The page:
The Surrey Botanical Society (SBS), originally known as Surrey Flora Committee, has been in existence since 1957 and aims to represent and unite all those who want to enjoy, study and record Surrey's astonishingly interesting, beautiful and diverse flora. Membership is open to anyone with an interest in the subject.
For the purposes of botanical recording, Great Britain is divided into 112 approximately equal areas called Vice-counties. Surrey is one of these areas (VC 17, See Appendix 4) and corresponds roughly to the old geographical county of Surrey with the Thames as its northern boundary. The boundaries of the Vice-Counties were laid down by H.C Watson in the mid-nineteenth century and have not been subject to subsequent administrative boundary changes. The Botanical Society of the British Isles (BSBI) appoints one or more Recorders to each Vice-County and it is their role to catalogue and verify records of plants in that county. The BSBI Recorder for VC17 is Ann Sankey, working with a Records Committee.
Current SBS Committee Members
|Hon. Secretary:||Peter Wakeham|
|Hon. Treasurer:||Caroline Bateman|
|Newsletter Editor:||Steve Mellor|
|Chairman, Records Sub-Committee:||Roger Hawkins|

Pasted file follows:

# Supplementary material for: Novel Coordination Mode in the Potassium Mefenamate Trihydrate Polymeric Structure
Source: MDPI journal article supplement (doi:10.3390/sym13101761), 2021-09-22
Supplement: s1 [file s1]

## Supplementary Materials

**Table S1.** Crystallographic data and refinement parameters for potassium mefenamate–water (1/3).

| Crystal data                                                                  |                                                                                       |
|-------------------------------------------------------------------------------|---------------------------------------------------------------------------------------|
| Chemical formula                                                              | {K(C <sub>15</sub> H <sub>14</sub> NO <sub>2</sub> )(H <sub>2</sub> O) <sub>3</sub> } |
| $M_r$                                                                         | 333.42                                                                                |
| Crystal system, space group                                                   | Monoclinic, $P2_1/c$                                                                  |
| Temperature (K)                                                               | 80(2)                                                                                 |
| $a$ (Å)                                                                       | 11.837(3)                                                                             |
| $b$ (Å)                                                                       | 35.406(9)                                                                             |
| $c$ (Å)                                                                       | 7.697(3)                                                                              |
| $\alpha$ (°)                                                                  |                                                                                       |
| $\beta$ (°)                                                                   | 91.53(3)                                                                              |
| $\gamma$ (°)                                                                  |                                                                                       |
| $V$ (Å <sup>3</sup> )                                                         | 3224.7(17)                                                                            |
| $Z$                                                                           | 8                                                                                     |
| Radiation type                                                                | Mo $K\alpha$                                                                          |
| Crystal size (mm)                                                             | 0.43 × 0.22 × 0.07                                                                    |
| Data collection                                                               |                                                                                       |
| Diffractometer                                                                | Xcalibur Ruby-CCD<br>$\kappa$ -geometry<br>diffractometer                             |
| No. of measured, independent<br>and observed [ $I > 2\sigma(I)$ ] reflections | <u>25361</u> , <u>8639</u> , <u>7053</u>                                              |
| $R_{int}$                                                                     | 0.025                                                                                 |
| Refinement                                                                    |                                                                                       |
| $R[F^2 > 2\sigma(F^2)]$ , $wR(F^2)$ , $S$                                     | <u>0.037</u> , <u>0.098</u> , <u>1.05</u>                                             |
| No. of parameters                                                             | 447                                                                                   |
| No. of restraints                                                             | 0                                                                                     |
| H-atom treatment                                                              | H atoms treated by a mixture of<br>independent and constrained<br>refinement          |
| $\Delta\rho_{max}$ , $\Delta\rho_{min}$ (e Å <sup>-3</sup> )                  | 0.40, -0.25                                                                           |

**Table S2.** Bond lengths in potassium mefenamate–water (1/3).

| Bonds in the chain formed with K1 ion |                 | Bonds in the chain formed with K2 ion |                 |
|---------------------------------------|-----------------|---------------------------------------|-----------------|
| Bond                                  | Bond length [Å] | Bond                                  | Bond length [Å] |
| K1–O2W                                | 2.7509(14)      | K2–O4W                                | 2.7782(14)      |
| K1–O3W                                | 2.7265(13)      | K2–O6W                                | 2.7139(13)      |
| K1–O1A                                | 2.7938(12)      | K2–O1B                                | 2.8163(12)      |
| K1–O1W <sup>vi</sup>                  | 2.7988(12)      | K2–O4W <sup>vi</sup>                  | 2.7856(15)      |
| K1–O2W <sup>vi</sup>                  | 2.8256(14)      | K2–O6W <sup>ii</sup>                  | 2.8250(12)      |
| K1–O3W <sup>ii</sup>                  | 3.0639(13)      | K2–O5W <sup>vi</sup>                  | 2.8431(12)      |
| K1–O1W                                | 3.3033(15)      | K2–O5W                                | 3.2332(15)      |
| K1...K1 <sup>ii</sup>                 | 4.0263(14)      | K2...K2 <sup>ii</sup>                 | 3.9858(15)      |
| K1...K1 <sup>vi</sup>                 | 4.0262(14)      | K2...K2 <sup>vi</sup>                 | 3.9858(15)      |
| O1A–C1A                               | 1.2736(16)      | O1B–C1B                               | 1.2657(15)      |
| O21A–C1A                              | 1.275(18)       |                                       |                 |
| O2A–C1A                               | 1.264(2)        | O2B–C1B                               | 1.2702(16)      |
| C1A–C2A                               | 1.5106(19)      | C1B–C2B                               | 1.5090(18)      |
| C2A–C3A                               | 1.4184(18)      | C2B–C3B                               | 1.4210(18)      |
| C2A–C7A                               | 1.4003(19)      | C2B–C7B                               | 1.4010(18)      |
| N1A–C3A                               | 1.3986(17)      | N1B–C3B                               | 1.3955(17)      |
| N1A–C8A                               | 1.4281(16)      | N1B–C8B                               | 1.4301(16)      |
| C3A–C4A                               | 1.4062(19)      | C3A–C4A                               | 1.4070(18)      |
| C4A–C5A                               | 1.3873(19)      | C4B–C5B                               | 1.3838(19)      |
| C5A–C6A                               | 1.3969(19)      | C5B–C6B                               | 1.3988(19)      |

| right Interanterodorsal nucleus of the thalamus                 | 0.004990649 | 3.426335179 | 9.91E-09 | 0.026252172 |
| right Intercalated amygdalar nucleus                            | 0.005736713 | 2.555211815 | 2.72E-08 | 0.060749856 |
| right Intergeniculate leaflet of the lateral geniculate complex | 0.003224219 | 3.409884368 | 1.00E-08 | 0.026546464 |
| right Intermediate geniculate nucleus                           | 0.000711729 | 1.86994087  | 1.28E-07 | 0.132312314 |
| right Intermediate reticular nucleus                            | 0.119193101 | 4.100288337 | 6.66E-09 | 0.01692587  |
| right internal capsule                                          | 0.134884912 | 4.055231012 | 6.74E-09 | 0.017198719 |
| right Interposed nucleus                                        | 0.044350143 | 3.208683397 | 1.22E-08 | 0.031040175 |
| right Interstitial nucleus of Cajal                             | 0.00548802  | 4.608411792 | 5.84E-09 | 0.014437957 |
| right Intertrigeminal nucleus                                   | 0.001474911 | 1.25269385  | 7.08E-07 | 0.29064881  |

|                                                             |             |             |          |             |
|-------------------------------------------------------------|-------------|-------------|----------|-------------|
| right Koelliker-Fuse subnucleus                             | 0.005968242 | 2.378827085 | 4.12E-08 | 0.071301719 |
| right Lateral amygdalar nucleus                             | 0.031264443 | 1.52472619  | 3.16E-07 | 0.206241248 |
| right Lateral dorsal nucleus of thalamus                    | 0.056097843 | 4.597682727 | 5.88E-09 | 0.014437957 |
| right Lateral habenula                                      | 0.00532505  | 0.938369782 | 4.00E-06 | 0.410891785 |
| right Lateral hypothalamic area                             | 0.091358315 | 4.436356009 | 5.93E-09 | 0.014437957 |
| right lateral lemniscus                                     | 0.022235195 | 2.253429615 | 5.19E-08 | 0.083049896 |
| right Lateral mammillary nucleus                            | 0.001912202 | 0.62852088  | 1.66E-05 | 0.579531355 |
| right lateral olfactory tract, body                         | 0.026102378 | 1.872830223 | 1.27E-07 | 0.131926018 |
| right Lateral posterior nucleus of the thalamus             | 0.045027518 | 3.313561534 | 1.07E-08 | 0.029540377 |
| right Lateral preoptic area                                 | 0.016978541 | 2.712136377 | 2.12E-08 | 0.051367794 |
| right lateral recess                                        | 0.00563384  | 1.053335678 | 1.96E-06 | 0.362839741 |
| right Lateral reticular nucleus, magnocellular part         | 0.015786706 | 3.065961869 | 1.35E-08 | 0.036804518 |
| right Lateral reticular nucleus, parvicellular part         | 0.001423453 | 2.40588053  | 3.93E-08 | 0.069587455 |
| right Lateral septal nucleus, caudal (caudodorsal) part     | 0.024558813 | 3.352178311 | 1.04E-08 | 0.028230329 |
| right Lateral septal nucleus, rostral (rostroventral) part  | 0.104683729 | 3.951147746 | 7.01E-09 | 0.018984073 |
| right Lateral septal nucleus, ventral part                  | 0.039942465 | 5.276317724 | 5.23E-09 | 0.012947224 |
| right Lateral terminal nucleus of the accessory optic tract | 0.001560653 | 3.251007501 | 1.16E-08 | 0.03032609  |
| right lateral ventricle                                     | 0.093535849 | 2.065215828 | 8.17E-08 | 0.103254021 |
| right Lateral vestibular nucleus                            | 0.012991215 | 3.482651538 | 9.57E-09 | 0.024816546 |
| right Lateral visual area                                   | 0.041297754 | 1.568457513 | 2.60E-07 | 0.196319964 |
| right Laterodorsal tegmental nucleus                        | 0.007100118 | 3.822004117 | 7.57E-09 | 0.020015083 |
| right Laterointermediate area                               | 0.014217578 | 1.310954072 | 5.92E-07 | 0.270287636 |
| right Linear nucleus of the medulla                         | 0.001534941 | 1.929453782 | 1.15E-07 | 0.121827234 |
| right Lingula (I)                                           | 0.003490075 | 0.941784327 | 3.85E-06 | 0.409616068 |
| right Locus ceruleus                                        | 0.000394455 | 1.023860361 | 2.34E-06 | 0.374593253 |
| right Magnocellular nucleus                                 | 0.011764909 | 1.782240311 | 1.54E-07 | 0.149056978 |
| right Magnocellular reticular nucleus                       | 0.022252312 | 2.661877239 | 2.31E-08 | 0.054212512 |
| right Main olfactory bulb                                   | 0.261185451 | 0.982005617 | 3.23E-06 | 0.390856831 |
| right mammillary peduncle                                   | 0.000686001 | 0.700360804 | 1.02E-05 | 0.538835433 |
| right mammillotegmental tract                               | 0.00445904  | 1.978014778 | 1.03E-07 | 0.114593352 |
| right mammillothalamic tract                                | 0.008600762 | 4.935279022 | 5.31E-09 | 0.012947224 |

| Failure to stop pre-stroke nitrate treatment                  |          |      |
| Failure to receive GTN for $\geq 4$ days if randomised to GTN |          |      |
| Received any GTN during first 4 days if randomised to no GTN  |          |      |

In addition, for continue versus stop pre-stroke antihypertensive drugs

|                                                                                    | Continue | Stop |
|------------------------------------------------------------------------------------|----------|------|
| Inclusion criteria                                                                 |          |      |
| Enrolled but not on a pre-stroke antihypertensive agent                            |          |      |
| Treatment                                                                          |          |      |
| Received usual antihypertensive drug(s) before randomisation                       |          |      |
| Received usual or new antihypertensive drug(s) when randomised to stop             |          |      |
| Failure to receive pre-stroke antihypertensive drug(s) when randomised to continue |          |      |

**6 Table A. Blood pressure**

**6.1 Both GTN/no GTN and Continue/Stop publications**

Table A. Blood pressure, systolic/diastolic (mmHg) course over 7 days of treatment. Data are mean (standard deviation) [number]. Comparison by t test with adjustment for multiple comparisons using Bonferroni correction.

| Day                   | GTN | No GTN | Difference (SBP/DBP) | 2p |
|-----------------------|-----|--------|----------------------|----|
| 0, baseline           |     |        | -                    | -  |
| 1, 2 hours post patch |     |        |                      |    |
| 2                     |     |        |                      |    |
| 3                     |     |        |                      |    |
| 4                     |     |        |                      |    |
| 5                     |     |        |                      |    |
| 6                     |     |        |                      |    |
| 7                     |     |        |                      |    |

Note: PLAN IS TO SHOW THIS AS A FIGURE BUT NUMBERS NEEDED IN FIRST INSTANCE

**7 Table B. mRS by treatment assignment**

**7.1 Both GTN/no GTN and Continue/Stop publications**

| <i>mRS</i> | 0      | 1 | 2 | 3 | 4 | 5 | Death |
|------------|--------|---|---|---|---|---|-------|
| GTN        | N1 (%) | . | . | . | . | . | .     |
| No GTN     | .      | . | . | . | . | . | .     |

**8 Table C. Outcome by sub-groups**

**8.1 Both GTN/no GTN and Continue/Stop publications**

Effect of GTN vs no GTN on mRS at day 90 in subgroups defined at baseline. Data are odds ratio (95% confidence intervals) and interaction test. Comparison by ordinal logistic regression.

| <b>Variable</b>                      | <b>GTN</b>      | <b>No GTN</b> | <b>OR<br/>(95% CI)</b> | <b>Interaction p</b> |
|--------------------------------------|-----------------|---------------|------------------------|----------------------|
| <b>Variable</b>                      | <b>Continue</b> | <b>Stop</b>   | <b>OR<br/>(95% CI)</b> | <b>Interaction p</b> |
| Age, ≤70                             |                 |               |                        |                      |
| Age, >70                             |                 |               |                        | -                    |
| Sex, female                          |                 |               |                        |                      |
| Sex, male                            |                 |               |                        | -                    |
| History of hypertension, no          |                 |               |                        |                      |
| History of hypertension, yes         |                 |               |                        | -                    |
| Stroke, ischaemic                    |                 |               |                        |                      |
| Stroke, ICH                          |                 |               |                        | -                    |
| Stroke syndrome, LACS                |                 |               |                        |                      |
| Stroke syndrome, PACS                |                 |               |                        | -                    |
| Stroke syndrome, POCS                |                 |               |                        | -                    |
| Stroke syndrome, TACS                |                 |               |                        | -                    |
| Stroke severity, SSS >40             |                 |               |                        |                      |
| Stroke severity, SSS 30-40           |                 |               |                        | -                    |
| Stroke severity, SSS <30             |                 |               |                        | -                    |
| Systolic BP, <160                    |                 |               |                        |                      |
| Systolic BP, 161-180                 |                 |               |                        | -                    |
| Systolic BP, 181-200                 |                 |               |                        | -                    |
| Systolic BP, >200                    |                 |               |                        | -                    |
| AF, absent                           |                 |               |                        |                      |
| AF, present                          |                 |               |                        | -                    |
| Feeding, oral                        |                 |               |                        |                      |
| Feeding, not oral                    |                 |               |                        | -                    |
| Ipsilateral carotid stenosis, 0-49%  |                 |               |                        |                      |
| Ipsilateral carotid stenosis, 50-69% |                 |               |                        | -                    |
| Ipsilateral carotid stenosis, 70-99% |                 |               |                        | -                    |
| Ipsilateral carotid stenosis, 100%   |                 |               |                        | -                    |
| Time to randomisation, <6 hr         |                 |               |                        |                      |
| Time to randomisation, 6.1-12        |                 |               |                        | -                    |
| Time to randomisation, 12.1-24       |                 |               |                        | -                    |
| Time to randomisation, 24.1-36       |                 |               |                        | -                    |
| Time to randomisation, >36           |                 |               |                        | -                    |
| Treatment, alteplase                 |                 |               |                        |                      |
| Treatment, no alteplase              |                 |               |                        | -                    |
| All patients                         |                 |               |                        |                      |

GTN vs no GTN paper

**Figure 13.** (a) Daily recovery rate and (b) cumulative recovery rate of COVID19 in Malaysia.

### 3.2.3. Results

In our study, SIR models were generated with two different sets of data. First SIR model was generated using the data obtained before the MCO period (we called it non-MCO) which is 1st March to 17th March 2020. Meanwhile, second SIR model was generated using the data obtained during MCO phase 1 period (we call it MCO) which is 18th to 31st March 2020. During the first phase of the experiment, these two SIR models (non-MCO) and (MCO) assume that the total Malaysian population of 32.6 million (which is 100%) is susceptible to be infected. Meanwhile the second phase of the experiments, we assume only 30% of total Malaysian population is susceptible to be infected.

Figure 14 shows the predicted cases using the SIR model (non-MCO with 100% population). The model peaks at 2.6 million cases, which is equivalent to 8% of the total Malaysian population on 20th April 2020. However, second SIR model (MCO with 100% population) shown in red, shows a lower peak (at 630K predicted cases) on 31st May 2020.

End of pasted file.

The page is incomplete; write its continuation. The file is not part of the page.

|Committee Members:||Eileen Taylor, George Hounsome, Brian Pitkin|
Subscriptions: £5.00 annually but three years @ £15.00 payable in advance is preferable.
Subscriptions should be paid at the AGM or sent to the Hon Treasurer by the end of January. <top>
You are encouraged to attend the extremely enjoyable and very informative field meetings which are held in all parts of the County during the growing season. Don't worry if you are not an expert botanist or even if you are a complete beginner as no previous experience of recording is required. There's no better way to learn than to join in! Not only will you learn a lot from the more experienced members, you will also get to know beautiful parts of Surrey that you didn't even know existed - in convivial company too! Most of the field meetings are held at weekends but evening walks during the week have proved extremely popular and will be included in future programmes.